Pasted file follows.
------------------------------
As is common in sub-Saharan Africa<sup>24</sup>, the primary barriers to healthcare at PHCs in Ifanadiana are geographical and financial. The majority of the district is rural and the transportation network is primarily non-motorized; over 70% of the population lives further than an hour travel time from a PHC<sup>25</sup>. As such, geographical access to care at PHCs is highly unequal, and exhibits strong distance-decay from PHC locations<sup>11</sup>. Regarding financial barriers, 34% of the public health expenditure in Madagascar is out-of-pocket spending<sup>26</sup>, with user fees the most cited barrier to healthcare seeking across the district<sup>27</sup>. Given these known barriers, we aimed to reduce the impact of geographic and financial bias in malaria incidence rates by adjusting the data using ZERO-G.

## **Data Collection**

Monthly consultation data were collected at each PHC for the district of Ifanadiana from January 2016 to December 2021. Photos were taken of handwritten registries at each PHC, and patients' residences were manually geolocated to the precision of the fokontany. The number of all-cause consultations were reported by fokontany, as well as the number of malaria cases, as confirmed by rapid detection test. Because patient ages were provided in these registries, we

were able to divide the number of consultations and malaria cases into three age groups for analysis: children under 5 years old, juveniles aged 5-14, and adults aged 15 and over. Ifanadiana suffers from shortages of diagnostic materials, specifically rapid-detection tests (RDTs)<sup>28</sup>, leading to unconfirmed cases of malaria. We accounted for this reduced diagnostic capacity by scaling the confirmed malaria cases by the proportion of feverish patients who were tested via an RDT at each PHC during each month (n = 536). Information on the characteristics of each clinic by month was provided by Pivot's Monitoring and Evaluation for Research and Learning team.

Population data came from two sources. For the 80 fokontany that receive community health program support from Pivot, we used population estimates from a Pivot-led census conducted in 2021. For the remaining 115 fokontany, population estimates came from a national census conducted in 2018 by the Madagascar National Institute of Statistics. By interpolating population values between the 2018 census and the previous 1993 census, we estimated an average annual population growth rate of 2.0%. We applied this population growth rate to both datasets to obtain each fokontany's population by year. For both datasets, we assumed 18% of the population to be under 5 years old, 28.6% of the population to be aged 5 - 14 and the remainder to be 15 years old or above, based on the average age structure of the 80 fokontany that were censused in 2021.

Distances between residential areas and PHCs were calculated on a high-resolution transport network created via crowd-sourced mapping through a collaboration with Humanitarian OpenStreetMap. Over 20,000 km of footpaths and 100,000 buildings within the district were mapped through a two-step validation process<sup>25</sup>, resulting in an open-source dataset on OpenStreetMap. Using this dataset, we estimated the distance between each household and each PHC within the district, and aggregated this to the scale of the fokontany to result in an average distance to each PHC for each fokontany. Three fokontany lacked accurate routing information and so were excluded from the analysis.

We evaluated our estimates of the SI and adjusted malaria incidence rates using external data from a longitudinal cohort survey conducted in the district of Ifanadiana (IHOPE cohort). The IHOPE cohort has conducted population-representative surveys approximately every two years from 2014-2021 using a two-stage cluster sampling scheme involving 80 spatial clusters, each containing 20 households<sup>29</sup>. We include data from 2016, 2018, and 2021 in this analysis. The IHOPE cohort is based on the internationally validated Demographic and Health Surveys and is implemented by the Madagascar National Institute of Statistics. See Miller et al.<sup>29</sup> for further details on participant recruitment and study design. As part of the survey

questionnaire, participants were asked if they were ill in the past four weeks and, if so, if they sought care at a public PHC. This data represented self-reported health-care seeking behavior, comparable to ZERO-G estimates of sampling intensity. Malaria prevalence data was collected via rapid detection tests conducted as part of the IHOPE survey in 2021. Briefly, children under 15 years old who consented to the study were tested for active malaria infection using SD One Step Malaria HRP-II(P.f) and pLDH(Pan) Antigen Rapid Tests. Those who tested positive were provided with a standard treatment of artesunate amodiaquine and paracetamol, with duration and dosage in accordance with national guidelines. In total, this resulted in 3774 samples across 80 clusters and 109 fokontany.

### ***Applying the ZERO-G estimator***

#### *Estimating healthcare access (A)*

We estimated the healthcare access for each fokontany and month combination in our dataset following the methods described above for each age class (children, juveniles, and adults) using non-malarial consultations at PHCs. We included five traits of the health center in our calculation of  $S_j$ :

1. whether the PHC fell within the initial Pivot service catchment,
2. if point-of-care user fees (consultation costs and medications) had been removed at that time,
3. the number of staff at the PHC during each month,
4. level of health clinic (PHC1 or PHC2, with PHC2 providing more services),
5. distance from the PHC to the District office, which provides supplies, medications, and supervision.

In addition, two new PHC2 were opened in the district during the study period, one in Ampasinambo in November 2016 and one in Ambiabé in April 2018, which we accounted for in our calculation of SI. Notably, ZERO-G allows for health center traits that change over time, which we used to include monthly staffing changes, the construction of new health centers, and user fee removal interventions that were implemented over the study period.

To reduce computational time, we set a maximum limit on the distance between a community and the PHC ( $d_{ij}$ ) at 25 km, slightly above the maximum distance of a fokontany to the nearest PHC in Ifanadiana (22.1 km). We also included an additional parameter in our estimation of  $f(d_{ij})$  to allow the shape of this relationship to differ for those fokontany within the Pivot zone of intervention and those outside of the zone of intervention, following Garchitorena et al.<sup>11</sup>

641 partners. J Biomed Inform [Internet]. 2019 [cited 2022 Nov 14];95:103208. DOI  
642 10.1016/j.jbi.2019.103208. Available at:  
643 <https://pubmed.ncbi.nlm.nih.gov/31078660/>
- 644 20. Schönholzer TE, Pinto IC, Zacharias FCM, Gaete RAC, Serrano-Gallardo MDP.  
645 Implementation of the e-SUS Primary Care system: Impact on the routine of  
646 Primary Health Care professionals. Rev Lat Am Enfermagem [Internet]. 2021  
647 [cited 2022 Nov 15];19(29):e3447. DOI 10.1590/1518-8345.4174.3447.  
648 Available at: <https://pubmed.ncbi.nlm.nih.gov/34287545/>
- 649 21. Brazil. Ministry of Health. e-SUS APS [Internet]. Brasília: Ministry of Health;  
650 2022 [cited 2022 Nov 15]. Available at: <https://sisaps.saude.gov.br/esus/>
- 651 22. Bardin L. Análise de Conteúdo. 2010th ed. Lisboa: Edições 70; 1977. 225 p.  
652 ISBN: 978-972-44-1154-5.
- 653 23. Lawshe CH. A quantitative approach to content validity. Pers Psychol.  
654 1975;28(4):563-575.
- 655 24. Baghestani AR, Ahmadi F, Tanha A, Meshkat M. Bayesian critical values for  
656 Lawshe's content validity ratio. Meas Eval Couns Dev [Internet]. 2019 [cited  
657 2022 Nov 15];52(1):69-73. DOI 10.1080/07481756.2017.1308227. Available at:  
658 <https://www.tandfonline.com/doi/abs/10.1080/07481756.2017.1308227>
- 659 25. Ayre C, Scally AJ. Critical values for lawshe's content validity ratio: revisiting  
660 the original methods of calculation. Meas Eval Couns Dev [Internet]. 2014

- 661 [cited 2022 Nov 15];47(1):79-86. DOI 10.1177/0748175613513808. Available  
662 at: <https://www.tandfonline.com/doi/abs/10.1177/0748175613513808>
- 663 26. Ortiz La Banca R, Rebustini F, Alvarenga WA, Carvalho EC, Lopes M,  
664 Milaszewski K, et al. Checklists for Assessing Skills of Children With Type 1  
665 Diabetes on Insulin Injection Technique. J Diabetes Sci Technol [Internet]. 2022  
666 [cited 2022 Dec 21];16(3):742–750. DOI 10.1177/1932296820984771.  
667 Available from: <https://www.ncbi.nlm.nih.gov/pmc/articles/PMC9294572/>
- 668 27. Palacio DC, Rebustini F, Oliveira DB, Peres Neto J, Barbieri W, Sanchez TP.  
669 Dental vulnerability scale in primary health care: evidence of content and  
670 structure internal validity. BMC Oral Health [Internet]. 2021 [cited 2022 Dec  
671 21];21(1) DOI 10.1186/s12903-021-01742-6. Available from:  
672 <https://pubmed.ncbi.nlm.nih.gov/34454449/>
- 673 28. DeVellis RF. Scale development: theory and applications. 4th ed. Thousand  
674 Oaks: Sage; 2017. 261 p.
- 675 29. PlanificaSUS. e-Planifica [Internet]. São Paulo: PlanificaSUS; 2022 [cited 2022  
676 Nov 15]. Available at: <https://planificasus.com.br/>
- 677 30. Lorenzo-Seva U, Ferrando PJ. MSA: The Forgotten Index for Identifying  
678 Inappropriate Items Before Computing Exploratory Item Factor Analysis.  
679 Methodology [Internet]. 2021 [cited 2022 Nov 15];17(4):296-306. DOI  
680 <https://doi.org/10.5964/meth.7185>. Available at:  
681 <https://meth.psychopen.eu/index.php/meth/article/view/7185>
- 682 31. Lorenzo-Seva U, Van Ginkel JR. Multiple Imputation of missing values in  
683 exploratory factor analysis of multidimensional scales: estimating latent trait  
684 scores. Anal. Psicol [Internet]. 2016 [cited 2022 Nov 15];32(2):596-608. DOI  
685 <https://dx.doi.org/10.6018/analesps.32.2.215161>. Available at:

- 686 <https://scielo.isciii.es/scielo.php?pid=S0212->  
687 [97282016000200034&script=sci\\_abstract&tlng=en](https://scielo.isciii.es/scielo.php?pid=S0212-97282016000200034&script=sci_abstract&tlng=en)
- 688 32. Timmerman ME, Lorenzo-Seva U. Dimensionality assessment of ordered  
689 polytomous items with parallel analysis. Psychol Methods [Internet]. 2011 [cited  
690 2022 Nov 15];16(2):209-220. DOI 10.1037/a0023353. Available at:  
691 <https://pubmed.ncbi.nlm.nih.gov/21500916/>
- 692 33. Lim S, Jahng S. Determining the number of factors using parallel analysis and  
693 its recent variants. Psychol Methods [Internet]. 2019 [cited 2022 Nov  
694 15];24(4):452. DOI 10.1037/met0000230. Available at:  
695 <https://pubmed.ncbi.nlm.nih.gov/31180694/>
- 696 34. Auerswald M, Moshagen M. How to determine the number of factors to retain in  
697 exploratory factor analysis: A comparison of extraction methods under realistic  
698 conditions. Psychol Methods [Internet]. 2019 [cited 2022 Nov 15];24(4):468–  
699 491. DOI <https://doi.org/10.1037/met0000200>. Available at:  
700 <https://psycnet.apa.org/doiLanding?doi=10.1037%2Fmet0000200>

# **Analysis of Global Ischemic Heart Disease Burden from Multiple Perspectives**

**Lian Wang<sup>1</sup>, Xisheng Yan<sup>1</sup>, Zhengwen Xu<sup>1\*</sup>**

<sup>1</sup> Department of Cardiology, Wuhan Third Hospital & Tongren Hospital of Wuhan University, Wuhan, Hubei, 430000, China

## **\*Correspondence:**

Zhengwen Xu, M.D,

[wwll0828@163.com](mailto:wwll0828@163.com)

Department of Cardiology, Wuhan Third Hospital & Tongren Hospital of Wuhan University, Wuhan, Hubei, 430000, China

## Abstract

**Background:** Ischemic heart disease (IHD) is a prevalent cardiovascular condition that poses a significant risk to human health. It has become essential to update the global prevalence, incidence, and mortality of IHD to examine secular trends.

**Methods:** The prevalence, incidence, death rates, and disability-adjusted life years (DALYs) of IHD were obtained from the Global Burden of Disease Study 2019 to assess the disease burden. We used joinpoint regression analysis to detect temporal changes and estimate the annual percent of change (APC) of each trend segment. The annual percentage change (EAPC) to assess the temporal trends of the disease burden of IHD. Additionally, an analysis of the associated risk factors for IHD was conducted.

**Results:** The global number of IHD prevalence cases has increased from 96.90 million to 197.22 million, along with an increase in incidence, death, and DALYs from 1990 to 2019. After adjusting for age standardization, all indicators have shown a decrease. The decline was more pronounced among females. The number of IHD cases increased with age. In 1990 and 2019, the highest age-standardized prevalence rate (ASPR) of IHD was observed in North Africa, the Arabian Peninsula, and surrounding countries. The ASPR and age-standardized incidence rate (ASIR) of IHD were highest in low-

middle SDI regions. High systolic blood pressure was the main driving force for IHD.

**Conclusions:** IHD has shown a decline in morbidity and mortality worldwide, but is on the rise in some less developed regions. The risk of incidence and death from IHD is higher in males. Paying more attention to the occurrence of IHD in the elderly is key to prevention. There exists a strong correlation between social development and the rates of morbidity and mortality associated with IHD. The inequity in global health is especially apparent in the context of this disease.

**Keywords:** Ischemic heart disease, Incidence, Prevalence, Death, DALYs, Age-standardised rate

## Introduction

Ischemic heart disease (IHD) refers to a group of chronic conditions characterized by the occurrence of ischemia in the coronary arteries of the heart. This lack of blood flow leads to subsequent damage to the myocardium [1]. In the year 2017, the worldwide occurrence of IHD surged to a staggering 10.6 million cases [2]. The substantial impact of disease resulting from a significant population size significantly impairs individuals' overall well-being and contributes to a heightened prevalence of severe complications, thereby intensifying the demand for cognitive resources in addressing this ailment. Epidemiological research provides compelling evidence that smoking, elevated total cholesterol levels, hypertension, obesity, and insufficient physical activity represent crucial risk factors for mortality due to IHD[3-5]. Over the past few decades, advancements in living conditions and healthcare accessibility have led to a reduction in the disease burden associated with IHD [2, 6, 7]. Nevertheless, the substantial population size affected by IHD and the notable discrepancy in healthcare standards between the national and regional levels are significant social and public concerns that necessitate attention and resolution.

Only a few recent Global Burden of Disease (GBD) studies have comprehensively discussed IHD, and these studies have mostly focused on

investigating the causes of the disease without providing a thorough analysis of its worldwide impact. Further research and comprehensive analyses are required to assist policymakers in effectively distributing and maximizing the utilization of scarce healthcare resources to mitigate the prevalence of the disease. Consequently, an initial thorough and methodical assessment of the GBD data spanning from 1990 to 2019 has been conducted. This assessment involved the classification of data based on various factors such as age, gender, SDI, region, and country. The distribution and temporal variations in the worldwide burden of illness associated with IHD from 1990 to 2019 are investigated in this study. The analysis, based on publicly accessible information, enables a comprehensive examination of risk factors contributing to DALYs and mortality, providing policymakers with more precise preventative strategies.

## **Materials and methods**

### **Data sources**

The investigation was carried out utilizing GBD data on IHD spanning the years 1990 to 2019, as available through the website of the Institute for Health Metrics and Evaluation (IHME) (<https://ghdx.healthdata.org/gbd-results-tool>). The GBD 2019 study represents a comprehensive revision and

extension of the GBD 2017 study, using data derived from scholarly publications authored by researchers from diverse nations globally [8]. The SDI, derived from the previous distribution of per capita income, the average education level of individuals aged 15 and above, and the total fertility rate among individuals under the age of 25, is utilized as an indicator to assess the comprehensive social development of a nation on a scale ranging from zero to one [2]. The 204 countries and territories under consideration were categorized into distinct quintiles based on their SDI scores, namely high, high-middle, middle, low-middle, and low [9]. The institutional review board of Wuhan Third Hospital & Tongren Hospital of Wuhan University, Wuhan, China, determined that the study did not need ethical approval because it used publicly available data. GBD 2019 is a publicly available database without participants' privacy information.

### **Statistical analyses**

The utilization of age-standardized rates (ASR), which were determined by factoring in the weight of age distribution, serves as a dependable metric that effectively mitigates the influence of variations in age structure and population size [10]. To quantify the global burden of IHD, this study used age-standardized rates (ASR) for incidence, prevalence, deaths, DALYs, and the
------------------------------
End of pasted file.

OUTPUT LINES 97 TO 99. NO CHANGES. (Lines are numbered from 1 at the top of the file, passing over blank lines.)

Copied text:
## **Materials and methods**

### **Data sources**

The investigation was carried out utilizing GBD data on IHD spanning the years 1990 to 2019, as available through the website of the Institute for Health Metrics and Evaluation (IHME) (<https://ghdx.healthdata.org/gbd-results-tool>). The GBD 2019 study represents a comprehensive revision and